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Understanding the difference between heirs and beneficiaries

Like most in Miami, your familiarity with estate planning terms likely comes from those stories shared by popular media. Thus, you have likely heard the terms “heir” and “beneficiary” used somewhat interchangeably. Yet we here at The Law Offices of Frye and Vazquez, P.L. may caution you from forming opinions on estate planning topics without first consulting with an expert. Even simple misunderstandings between the true meanings of terms could potentially affect your interest in estate matters that you fell you should be a party to.

When defining the words “heir” and “beneficiary,” it is important to know that, at least according to the Florida Probate Code, there are times when they may mean the same thing, and still other times when they do not. By definition, you are an heir if you are entitled to family member’s property through the terms of intestate succession. For example, if your spouse were to die without having created a will, you would still legally be entitled to either all of at least half of his or her assets according to state law.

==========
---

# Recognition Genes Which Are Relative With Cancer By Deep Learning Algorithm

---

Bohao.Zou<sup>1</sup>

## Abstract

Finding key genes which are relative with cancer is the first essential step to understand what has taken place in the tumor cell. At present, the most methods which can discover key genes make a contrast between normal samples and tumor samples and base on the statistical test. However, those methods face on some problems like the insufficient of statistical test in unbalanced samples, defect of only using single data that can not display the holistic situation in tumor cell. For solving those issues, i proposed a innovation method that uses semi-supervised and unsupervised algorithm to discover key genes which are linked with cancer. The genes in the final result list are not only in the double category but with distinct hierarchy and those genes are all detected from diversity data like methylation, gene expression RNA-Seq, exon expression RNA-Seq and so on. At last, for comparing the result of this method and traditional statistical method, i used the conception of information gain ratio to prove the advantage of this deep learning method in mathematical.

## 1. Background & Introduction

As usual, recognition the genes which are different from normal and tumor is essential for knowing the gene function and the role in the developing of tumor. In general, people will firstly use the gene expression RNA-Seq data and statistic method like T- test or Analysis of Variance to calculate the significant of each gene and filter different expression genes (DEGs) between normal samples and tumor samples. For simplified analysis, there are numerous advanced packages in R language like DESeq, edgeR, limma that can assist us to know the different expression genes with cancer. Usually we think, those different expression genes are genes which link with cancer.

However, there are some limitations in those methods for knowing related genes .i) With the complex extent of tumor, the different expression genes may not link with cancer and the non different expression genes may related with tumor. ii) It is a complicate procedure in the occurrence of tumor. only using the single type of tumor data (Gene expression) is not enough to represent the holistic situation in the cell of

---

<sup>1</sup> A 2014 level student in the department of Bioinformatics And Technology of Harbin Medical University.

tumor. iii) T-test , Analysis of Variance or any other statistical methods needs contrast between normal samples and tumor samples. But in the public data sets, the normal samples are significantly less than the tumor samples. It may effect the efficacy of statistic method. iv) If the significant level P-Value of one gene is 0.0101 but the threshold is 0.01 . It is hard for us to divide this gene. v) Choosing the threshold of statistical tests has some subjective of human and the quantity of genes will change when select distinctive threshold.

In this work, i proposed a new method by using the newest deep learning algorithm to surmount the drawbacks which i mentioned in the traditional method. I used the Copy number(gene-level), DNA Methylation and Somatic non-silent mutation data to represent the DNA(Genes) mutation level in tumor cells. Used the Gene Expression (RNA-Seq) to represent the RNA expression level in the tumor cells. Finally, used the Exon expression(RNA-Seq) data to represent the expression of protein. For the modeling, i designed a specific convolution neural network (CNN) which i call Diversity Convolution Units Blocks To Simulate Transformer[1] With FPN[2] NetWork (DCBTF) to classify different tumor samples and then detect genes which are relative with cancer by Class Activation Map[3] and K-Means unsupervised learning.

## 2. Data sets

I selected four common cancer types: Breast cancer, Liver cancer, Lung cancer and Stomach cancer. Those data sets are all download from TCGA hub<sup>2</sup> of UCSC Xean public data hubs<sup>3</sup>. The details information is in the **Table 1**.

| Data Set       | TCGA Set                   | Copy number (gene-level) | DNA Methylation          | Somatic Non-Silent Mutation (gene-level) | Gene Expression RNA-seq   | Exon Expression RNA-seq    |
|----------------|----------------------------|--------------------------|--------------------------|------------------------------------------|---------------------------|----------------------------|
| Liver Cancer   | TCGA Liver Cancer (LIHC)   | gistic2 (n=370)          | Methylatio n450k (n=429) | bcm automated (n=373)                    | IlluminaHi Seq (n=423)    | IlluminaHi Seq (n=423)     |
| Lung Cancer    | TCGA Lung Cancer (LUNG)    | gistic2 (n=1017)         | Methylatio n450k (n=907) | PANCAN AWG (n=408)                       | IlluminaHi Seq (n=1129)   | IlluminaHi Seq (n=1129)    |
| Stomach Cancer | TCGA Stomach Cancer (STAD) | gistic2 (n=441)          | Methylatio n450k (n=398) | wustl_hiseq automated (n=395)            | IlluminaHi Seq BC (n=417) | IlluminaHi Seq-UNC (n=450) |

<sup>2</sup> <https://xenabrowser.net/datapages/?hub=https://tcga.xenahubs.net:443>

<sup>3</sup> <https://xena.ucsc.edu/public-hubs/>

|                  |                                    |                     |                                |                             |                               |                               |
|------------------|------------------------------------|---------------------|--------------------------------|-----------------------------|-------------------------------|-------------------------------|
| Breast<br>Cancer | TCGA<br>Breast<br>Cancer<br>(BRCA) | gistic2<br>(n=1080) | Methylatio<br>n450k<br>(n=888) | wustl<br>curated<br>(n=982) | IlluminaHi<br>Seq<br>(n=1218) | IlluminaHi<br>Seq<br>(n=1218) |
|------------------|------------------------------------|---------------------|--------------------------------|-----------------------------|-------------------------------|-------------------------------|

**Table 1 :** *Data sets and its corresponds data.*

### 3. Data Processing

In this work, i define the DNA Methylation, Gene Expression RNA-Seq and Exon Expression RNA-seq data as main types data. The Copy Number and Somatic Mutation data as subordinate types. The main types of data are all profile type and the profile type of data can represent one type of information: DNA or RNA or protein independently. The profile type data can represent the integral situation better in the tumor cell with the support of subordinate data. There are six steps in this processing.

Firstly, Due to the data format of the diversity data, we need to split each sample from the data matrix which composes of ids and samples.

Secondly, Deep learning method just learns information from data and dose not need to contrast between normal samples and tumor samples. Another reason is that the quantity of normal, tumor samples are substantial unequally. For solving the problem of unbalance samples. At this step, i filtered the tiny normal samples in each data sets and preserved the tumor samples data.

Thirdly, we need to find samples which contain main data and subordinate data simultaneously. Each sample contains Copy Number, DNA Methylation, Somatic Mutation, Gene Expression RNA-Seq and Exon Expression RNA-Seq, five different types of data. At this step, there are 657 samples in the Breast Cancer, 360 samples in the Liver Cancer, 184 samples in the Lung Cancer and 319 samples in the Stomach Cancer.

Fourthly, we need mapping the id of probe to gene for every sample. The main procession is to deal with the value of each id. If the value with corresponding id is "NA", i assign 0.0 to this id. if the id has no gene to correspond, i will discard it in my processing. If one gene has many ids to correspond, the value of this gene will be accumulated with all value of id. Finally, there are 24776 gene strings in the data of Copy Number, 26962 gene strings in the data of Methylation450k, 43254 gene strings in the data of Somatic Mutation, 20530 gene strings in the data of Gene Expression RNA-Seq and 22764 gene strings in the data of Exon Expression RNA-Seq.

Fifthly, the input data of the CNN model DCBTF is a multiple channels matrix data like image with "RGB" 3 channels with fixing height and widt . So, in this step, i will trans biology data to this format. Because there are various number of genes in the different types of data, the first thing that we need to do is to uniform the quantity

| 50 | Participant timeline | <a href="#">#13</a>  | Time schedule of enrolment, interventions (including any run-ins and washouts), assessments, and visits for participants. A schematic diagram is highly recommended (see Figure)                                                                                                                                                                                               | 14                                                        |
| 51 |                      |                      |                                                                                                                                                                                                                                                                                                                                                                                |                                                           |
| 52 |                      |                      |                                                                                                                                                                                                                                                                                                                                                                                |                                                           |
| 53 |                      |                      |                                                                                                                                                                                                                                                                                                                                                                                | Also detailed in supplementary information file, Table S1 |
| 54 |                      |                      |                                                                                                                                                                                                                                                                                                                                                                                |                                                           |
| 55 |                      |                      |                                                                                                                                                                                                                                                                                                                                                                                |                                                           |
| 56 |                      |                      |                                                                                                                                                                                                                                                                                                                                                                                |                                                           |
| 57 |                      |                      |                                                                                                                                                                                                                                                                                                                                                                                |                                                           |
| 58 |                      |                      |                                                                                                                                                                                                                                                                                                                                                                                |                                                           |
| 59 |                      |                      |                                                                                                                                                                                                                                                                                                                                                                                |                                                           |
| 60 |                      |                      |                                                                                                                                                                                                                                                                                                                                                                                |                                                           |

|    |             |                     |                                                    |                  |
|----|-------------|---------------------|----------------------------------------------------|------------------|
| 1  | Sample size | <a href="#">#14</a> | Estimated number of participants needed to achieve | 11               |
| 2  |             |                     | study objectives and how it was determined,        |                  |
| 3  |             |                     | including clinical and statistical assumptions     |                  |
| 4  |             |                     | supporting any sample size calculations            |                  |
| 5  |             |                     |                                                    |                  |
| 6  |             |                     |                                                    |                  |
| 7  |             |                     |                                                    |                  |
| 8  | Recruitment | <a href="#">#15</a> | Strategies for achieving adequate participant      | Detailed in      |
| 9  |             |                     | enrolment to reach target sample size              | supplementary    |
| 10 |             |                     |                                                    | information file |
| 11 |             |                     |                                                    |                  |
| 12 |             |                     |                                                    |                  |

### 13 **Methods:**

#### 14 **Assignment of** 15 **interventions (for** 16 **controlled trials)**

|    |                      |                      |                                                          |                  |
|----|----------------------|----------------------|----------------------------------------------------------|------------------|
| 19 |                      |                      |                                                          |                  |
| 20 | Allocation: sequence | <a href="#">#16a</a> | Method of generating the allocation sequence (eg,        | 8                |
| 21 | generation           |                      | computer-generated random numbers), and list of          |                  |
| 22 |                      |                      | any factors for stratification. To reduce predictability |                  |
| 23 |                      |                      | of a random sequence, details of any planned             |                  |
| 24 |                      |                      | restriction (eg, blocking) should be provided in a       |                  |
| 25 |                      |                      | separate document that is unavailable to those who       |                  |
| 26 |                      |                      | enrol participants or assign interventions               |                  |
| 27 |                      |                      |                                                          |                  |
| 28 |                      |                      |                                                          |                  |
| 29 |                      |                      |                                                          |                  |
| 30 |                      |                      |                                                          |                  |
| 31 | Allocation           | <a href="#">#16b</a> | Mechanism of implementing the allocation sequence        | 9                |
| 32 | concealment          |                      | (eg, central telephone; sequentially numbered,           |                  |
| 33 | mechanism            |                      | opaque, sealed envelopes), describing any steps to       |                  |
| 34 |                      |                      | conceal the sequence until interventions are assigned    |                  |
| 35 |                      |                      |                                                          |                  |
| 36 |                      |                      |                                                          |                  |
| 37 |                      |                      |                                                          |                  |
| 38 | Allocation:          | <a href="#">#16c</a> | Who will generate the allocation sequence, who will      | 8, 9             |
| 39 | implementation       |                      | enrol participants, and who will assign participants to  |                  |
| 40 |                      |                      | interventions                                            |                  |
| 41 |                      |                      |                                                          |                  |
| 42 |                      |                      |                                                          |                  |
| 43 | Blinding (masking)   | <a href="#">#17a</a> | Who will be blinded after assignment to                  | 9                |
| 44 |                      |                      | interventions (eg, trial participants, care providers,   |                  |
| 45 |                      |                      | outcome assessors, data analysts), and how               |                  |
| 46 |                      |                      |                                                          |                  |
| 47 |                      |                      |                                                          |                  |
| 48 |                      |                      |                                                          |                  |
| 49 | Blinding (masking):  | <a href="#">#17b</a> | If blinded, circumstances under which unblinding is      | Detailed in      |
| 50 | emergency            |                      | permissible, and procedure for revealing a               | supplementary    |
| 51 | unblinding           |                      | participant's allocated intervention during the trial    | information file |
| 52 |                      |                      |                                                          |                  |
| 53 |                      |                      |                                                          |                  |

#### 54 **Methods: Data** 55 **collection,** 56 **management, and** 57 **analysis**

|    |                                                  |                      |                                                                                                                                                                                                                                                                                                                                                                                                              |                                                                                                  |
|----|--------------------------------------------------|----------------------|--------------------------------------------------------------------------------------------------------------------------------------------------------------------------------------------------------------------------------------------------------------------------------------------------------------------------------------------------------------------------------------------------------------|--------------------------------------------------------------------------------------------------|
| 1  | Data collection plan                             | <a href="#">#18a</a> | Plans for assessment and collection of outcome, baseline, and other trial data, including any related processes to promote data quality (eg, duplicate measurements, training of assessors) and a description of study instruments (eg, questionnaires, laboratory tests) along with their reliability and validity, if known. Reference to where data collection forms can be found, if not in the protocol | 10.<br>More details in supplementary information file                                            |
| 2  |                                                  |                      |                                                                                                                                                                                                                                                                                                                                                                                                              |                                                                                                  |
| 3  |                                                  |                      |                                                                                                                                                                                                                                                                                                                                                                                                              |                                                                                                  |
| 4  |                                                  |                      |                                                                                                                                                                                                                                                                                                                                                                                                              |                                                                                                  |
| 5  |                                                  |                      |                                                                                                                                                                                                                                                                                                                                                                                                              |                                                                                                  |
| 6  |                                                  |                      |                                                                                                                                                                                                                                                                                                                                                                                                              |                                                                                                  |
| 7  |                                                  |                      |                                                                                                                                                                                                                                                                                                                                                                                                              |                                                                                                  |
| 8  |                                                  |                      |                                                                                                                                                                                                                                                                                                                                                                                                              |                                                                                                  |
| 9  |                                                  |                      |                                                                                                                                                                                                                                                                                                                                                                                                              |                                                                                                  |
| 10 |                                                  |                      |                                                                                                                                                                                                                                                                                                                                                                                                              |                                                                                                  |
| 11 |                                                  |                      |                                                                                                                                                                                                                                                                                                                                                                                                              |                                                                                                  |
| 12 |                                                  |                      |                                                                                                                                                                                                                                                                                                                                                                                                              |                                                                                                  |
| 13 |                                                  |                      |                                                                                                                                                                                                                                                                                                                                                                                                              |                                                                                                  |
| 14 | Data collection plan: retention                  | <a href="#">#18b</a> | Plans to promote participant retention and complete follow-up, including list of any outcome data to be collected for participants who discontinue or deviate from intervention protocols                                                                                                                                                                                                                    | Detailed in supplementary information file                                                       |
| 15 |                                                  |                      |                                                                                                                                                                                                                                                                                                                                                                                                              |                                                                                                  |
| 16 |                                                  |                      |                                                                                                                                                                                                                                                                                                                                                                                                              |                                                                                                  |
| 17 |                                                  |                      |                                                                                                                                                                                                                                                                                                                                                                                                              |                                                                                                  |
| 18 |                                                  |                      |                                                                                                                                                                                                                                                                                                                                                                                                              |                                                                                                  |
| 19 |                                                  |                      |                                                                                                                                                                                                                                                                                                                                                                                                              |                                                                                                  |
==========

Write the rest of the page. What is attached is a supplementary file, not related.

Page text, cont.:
In a case of intestate succession, if you are an heir, then you are also considered to be a beneficiary. The same is not true for a testate estate. You are only a beneficiary in such a case if the will or trust detailing the dispersal of the decedent’s property designates you as so. As you may be an heir to your parents, you may also automatically consider yourself to be a beneficiary to their assets. However, if they omit any mention of you in their estate planning documents, you may have no legal claim to any of their property.

You can find out more about the terms associated with estate administration by continuing to browse through our site. 



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